Why your bond funds are bombing

Why your bond funds are bombing

The yields offered by three Canadian bond ETFs show they’re barely breaking ground


Interest rates are near all time lows, which augers poorly for bond funds.

To get a glimpse of the misery on offer, let’s take a quick look at three popular exchange traded funds (ETFs) from Vanguard Canada. Just be warned, as I walk through a few back-of-the-envelope calculations, the pickings are slim for risk-averse investors.

Vanguard sells three Canadian bond ETFs and it provides a variety of interesting facts and figures on them at www.vanguardcanada.ca. I’m going to focus on yield to maturity because it is a rough indicator of what sort of return each fund is likely to generate. (Do not confuse yield to maturity with distribution yield or trailing 12-month yield.)

The Vanguard Short-Term Bond ETF (TSX:VSB) has a yield to maturity of 1.3%. If you’re willing to take on more credit risk, you can opt for the Vanguard Short-Term Corporate Bond ETF (TSX:VSC), which has a yield to maturity of 2.0%. But it is the longer-term Vanguard Aggregate Bond ETF (TSX:VAB) that forms a core part of many passive portfolios. It also happens to have a yield to maturity of 2.0%. (All of these figures are based on data from the end of April.)

While Vanguard’s ETFs are famous for their low fees (the three in question cost between 0.11% and 0.13% annually), the yield data is presented on a before-fee basis.  As a result, the expected annual returns for the funds (based on each fund’s yield to maturity minus its annual fee) falls to about 1.2%, 1.9%, and 1.9% for VSB, VSC, and VAB respectively.

Compounding matters, some investors hold the ETFs in taxable accounts, which also has to be taken into consideration. If you apply a 50% tax rate (the top marginal rate in Canada is a little higher, or lower, depending on the province), the expected after-tax returns for the three ETFs falls to about 0.6%, 1.0%, and 1.0%. (I’m ignoring a few subtleties here and the situation varies from person to person.)

Unfortunately, I’m not done yet. Investors also have to contend with inflation, which is the propensity for money to lose its purchasing power over time. Currently inflation runs at a rate of about 1.7% per year, based on the latest year-over-year increase in the consumer price index. (That could easily change–up or down–in the future.) As a result the after-tax after-inflation expected returns for the ETFs stands at roughly -1.1%, -0.7%, and -0.7% for VSB, VSC, and VAB respectively.

While the situation for investors in tax-sheltered accounts is a bit better, their returns still come in at only about -0.5%, 0.2%, and 0.2% after the corrosive effects of inflation are taken into account. 

In other words, it seems likely that bonds will barely break even or lose ground on an after-fee, after-tax, and after-inflation basis over the next little while. As a result, risk-averse investors shouldn’t rely on getting big returns from their bond funds.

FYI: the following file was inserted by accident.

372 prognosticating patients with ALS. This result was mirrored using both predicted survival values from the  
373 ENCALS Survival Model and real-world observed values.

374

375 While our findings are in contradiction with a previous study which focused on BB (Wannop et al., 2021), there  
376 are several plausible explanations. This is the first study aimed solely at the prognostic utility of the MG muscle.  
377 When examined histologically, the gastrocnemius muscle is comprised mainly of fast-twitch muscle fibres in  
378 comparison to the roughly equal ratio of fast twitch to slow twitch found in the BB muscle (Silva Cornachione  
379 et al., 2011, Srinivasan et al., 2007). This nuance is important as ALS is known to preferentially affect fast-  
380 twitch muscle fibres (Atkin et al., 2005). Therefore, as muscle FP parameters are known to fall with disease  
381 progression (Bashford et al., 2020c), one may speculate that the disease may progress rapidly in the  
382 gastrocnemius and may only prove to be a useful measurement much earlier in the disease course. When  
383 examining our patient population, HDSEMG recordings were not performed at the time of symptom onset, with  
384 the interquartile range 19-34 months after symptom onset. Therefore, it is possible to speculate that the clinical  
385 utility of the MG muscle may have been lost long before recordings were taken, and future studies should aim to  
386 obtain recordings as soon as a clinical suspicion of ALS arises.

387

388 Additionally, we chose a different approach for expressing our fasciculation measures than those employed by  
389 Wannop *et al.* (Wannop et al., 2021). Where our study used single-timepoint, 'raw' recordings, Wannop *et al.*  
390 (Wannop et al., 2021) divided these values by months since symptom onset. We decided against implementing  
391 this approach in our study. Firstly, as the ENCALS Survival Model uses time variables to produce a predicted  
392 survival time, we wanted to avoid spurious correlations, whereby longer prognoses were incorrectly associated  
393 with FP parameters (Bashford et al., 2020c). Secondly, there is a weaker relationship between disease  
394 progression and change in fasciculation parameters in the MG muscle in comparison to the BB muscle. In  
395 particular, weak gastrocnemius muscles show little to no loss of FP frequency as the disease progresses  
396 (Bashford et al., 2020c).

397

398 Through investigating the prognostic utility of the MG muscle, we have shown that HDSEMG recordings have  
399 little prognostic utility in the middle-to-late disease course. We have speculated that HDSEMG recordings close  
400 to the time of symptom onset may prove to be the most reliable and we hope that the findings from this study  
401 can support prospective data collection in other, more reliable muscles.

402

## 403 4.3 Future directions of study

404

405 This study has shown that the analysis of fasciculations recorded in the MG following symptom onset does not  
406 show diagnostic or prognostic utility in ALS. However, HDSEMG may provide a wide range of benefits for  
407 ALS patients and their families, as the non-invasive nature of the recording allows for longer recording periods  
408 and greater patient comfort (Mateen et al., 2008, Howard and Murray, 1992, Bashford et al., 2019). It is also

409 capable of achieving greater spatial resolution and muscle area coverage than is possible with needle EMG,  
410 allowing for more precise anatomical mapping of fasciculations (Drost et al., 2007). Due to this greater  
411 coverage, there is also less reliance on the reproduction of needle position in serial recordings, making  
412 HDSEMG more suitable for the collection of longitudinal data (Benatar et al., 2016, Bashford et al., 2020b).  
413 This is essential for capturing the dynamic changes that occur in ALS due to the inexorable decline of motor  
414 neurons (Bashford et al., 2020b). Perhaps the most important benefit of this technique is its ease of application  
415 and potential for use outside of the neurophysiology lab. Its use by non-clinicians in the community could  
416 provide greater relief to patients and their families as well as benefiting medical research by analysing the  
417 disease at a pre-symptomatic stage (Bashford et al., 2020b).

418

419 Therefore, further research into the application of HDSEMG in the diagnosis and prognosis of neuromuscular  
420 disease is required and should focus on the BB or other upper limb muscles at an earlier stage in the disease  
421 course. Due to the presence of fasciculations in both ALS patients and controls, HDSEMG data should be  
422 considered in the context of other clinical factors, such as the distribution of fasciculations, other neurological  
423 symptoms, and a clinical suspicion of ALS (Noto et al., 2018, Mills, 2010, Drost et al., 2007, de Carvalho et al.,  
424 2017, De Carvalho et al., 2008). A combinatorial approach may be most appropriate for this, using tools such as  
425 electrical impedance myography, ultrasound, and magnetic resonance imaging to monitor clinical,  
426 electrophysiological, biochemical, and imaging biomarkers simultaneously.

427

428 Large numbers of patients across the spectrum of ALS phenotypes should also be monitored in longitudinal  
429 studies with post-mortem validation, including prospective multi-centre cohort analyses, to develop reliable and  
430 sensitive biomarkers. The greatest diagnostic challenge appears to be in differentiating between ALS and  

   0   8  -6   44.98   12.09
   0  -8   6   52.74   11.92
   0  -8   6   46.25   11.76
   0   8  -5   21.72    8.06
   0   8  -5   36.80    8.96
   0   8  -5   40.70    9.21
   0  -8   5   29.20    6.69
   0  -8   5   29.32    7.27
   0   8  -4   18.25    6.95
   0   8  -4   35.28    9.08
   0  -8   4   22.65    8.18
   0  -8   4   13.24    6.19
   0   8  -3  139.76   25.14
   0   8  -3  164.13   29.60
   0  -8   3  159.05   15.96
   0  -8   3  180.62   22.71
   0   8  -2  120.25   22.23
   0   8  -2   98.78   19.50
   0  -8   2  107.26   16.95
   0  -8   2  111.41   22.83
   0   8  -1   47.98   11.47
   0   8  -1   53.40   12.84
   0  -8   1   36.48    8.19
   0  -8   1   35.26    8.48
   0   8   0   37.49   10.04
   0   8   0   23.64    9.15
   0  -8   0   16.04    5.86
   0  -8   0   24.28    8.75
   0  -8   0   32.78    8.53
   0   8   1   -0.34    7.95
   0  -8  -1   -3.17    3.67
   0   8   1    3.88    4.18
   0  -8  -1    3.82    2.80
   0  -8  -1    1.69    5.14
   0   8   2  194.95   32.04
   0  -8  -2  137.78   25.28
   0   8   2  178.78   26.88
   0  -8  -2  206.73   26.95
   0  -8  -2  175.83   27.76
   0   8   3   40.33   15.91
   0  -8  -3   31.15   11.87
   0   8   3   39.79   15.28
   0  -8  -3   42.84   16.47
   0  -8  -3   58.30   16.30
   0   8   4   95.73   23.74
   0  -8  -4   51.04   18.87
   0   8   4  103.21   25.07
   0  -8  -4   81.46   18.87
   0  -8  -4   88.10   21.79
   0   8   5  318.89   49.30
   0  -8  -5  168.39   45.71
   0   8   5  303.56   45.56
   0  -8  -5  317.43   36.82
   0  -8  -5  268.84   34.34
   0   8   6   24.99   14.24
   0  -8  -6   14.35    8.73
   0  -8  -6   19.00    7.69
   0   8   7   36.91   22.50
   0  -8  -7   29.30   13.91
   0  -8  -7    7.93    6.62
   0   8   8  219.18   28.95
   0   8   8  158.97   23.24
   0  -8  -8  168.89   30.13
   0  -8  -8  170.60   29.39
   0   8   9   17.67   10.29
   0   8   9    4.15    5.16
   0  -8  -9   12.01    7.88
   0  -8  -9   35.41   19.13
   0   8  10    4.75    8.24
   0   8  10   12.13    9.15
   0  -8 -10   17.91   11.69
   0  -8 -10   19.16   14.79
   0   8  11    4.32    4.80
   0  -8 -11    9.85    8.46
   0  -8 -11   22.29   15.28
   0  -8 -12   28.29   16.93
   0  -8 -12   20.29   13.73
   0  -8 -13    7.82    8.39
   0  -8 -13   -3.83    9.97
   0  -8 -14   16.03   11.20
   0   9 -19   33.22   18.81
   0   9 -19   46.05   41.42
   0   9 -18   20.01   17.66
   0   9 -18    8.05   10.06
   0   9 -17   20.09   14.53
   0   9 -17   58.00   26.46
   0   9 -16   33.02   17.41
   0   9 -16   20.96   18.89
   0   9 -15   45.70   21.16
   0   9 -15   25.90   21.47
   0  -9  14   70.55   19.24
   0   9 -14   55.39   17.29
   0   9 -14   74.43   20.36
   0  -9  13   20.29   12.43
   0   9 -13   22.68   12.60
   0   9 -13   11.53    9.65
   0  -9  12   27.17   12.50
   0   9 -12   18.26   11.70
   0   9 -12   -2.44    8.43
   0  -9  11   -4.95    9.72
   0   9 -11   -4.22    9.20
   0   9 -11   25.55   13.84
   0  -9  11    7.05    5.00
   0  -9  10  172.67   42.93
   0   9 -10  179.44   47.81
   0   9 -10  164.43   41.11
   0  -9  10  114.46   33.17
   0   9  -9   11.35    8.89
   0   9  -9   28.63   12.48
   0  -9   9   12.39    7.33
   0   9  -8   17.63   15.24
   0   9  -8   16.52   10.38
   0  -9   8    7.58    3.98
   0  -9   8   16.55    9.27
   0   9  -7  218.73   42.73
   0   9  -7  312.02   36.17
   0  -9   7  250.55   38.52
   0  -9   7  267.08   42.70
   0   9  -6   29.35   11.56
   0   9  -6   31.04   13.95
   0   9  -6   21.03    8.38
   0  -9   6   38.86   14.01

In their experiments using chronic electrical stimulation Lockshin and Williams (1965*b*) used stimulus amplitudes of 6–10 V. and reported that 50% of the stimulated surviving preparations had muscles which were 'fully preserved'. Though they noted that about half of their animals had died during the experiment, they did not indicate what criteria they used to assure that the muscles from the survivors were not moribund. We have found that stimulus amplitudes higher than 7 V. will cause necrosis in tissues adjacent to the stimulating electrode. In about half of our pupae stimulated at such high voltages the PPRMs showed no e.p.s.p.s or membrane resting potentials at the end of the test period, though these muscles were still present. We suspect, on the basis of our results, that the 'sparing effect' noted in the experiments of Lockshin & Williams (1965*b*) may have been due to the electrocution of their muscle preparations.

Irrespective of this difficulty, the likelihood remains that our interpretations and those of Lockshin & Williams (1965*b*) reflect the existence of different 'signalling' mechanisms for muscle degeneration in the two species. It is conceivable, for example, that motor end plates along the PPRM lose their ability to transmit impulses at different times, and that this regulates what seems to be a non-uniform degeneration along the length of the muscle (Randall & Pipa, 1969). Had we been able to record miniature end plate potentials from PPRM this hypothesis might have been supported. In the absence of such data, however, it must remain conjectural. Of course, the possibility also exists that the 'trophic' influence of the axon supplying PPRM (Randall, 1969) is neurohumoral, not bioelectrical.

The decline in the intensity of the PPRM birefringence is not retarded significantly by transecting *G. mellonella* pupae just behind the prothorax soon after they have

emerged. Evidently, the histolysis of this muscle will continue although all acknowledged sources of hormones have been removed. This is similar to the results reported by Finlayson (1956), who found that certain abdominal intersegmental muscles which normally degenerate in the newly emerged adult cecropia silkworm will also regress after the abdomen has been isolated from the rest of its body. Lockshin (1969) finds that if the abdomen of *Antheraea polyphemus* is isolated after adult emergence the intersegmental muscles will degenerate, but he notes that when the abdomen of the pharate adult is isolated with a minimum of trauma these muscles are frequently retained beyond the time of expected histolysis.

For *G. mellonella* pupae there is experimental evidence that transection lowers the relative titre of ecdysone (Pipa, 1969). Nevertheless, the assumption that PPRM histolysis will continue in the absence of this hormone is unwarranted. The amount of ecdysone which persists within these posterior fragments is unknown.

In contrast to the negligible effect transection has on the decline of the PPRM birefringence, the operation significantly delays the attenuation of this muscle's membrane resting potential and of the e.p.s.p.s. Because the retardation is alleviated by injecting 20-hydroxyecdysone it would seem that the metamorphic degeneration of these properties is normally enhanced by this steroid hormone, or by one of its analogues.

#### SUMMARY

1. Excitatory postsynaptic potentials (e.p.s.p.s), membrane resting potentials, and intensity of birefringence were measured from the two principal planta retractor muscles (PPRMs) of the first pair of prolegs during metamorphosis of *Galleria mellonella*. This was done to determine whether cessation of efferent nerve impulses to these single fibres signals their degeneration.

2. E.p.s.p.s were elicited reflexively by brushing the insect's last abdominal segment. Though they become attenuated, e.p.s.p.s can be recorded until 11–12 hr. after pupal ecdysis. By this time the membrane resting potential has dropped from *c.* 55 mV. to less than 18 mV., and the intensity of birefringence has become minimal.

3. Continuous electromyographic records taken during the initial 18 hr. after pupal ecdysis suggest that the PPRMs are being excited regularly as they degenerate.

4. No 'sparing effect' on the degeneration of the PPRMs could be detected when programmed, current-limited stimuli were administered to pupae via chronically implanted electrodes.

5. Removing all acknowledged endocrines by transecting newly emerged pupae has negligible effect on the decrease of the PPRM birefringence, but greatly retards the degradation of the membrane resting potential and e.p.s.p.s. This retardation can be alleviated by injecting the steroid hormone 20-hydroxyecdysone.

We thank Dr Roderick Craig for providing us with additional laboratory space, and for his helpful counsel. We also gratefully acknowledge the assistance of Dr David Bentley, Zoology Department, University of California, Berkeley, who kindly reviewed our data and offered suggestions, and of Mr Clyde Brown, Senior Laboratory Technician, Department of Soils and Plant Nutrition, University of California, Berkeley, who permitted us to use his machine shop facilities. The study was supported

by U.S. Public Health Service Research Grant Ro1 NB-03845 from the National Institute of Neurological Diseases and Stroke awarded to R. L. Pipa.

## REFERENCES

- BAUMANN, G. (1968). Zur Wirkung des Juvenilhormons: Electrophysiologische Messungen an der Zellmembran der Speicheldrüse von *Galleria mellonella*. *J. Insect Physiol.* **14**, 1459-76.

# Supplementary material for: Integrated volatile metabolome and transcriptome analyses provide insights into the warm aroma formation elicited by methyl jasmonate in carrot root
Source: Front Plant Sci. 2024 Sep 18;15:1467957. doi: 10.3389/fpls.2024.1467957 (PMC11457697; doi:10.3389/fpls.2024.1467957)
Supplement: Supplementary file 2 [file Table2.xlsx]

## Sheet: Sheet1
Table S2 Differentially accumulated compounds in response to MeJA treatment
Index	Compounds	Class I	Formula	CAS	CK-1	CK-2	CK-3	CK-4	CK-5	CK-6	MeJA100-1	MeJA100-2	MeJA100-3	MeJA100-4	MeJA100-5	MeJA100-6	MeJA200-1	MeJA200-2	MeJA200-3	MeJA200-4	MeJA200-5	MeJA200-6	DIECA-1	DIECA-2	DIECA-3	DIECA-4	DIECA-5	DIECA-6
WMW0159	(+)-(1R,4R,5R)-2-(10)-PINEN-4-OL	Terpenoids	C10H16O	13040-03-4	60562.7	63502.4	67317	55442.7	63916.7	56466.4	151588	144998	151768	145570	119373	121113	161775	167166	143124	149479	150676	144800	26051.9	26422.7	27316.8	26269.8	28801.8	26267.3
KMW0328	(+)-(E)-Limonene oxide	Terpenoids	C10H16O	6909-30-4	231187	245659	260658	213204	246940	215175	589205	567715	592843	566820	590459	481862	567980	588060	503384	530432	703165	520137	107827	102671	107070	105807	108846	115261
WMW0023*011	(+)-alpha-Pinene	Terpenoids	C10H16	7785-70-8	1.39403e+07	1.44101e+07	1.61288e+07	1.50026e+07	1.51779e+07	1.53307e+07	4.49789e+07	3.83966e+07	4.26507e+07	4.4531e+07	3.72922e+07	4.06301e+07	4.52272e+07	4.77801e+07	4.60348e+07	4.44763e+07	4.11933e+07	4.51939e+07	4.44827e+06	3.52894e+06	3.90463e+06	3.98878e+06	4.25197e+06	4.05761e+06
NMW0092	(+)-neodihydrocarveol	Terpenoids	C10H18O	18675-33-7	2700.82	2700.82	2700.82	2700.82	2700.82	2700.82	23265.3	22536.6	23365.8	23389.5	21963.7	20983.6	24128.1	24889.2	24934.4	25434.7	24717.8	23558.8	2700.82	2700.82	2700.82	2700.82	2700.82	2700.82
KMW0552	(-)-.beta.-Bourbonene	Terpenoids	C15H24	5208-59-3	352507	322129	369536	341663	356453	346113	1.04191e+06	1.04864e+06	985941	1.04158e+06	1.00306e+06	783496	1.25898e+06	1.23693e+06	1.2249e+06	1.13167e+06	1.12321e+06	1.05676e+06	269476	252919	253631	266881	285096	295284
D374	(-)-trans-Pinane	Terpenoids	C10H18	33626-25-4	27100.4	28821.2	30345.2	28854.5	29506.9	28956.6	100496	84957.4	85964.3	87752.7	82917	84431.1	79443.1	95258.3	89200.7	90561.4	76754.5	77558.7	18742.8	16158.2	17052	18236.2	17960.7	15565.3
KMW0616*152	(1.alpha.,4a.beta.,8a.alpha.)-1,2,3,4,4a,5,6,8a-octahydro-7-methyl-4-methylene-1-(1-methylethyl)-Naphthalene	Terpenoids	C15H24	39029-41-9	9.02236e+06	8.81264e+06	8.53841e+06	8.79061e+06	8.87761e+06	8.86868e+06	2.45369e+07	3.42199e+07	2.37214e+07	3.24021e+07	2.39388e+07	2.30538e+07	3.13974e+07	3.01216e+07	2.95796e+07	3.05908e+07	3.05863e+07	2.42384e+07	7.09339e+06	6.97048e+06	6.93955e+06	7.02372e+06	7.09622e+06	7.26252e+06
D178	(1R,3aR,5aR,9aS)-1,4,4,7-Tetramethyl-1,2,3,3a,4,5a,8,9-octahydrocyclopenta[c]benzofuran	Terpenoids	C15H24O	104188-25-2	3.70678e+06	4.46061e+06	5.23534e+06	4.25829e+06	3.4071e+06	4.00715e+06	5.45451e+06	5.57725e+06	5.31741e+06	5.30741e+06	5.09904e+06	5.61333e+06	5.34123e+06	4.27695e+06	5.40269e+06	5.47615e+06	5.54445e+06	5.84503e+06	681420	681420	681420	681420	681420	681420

Safer Canadian Dogs

Investors following the Dogs of the Dow strategy want to buy the 10 highest yielding stocks in the Dow Jones Industrial Average (DJIA), hold them for a year, and then move into the new list of top yielders.

The Dogs of the TSX works the same way but swaps the DJIA for the S&P/TSX 60, which contains 60 of the largest stocks in Canada.

My safer variant of the Dogs of the TSX tracks the 10 stocks in the index with the highest dividend yields provided they also pass a series of safety tests, such as having positive earnings. The idea is to weed out companies that might cut their dividends in the near term. Just be warned, it’s a task that’s easier said than done.

Here’s the updated Safer Dogs of the TSX, representing the top yielders as of May 30. The list is a good starting point for those who want to put some money to work this week. Just keep in mind, the idea is to hold the stocks for at least a year after purchase – barring some calamity.

Name Price P/B P/E Earnings Yield Dividend Yield
National Bank (NA) $43.91 1.58 10.79 9.27% 4.92%
CIBC (CM) $102.07 1.96 11.17 8.95% 4.74%
Shaw (SJR.B) $25.00 2.25 14.37 6.96% 4.74%
BCE (BCE) $60.73 4.22 19.16 5.22% 4.50%
Power (POW) $29.89 1.12 9.38 10.66% 4.48%
Bank of Nova Scotia (BNS) $64.95 1.6 11.6 8.62% 4.43%
TELUS (T) $41.63 3.22 18.5 5.40% 4.42%
Bank of Montreal (BMO) $83.35 1.5 12.46 8.03% 4.13%
Emera (EMA) $46.30 2.03 24.07 4.15% 4.10%
Royal Bank (RY) $80.39 1.97 12.07 8.28% 4.03%

Source: Bloomberg, May 30, 2016


Price: Closing price per share

P/B: Price to Book Value Ratio

P/E: Price to Earnings Ratio

Earnings Yield: Earnings divided by Price, expressed as a percentage

Dividend Yield: Expected-Annual-Dividend divided by Price, expressed as a percentage

As always, do your due diligence before buying any stock, including those featured here. Make sure its situation hasn’t changed in some important way, read the latest press releases and regulatory filings and take special care with stocks that trade infrequently. Remember, stocks can be risky. So, be careful out there. (Norm may own shares of some, or all, of the stocks mentioned here.)

Required Reading

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